It cannot be long.
My breathing is laboured, a striving between my will and a determined instinctive deed.
A moist fluttering slips from my lips and I remember the countless times I heard the ominous gurgle before, long ago, when I was young, impressionable, afraid, and very far away.
I gently swab the oozing wound, careful not to hurt the maimed soldier any more than necessary. He moans in his drug induced stupor, probably dreaming again of the muck-filled trenches, the blinding shellfire, and searing assault of the mortar as it ruthlessly slashed through his leg.
A fresh rivulet of blood trickles from the blackened wound, and I press against the flow with a fresh linen. The water in the basin is soon scarlet, but mercifully the soldier is quiet. Chances are, the bed will be empty by morning, since the wound is too grievous, the streaks of infection already travelling heartward.
The ward is full of men in similar straits, and the stench of blood and pus is sour, layered between pitiful mewlings and guttural groans that make my insides writhe.
Tender stalks, mown down like new hay, not even in full bloom.
It’s with relief I can sit in the sunshine for a few moments of sweet air or maybe take a walk through the nearby streets. Anything to escape the miasma of death and horror, although the guilt is consuming, even for those few stolen moments.
It is on one such small excursion that I see him. He is sitting at a sidewalk table at a bistro, drinking coffee, eating a sandwich. I hurry past, as much as I was drawn to the sight of a soldier not mangled, not bloodied or muddied, not staring in perplexity and pain into stupefied oblivion.
How to condense a lifetime into the next glance, as the sounds of the street still, the pedestrians slow, the traffic all but disappears. It is so trite, so cliché. Nevertheless, it is so. The everyday melds into the extraordinary, the exceptional.
He looks up from his British newspaper, which blares hideous developments from the front lines, the horrific losses, the valiant victories, all of which translate into mutilated minds and shattered limbs in the wards where I work. I hear the screams, even from the indifferent bustling sidewalk.
I slide into the chair, and my hands tremble beneath my cape, in spite of the warm day. I must drink the coffee quickly, for I must return to the reeking ward and the watchful eyes of Matron. Such dalliances are forbidden as they are thought to be unseemly and serve no purpose.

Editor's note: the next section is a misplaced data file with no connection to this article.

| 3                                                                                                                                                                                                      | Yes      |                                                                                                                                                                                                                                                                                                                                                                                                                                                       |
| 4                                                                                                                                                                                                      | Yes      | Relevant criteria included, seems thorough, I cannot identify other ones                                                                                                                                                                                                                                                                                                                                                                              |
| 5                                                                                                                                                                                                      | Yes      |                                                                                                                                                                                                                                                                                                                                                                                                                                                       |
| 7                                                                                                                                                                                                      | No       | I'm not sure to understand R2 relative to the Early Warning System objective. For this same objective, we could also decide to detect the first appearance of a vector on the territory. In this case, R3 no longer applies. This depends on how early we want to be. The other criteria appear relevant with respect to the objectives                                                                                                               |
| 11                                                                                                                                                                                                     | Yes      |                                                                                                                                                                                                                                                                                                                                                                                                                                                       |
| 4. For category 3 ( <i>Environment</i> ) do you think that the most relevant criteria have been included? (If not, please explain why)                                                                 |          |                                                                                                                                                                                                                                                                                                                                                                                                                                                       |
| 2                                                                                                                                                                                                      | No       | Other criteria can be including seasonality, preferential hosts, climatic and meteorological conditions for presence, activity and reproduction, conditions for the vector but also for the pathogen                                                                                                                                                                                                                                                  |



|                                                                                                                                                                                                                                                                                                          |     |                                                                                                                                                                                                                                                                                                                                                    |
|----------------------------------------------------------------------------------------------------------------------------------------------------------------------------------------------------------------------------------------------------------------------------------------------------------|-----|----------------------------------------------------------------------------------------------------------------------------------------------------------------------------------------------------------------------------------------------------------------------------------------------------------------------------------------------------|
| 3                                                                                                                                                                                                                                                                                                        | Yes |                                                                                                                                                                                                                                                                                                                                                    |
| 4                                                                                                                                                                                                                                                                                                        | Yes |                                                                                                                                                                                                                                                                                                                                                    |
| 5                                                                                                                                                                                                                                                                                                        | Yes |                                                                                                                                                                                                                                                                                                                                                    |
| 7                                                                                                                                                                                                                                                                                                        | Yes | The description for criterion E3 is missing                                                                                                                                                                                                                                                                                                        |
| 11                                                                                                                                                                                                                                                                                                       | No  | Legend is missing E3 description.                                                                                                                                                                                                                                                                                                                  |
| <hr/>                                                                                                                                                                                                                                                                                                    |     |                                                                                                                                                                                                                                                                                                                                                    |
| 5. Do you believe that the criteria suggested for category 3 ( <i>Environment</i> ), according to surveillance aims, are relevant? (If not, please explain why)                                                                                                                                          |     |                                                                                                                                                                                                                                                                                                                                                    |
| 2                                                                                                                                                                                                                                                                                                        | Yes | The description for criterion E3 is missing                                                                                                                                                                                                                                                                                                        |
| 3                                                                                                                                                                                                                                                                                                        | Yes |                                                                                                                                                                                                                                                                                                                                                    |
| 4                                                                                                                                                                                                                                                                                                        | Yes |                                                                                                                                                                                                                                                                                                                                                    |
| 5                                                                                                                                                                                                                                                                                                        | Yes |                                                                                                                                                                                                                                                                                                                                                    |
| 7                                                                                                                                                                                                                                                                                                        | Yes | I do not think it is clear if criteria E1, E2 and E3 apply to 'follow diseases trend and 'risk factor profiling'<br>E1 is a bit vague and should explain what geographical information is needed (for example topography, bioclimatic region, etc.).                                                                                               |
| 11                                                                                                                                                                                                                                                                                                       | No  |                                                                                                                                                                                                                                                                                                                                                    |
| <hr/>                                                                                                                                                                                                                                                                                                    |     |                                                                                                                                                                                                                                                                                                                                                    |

We talk, filling a few minutes with a lifetime of happenings, colours colliding, stories permeated with intense looks and significant touches. I return to the bistro the next afternoon. We know, within days, we are alike, we are different, we are matched.
So it is, amidst the thunderings that grow closer every day, time stands still and yet diminishes, and the rainless lightning brightens the sky treacherously. How could we deny the relentless rhythm, the pulse of the mortar fire, the call of death to our souls, to the now, to the never, and the never again.
Somewhere in the rat-invested, sludge-filled trenches, under a shellfire lit sky, he died. I never see his broken body, just his name on the endless lists tacked to the door of the military office.
It is both a relief and a regret.
Every wound I tended afterward, drained his life’s blood. Every whisper from parched lips, murmured his final words and thoughts. Every tear from unseeing, glassy eyes mourned his losses. I touched, I listened, I wept. I watched him die again and again in the destroyed bodies of every soldier that passed through the doors of the hospital. Strong young men. Someone’s husband, son, lover. My husband. My lover. Over and over, he died in my arms, the crimson froth spilling from his lips, the light in his eyes dimming, but the love always burning until the very end.
I cough. I am afraid as the breath stalls in my throat, heavy and imposing. Then, peace, for I know the inevitable is soon, too soon, yet too long in coming.
The love still burns.
I close my eyes.
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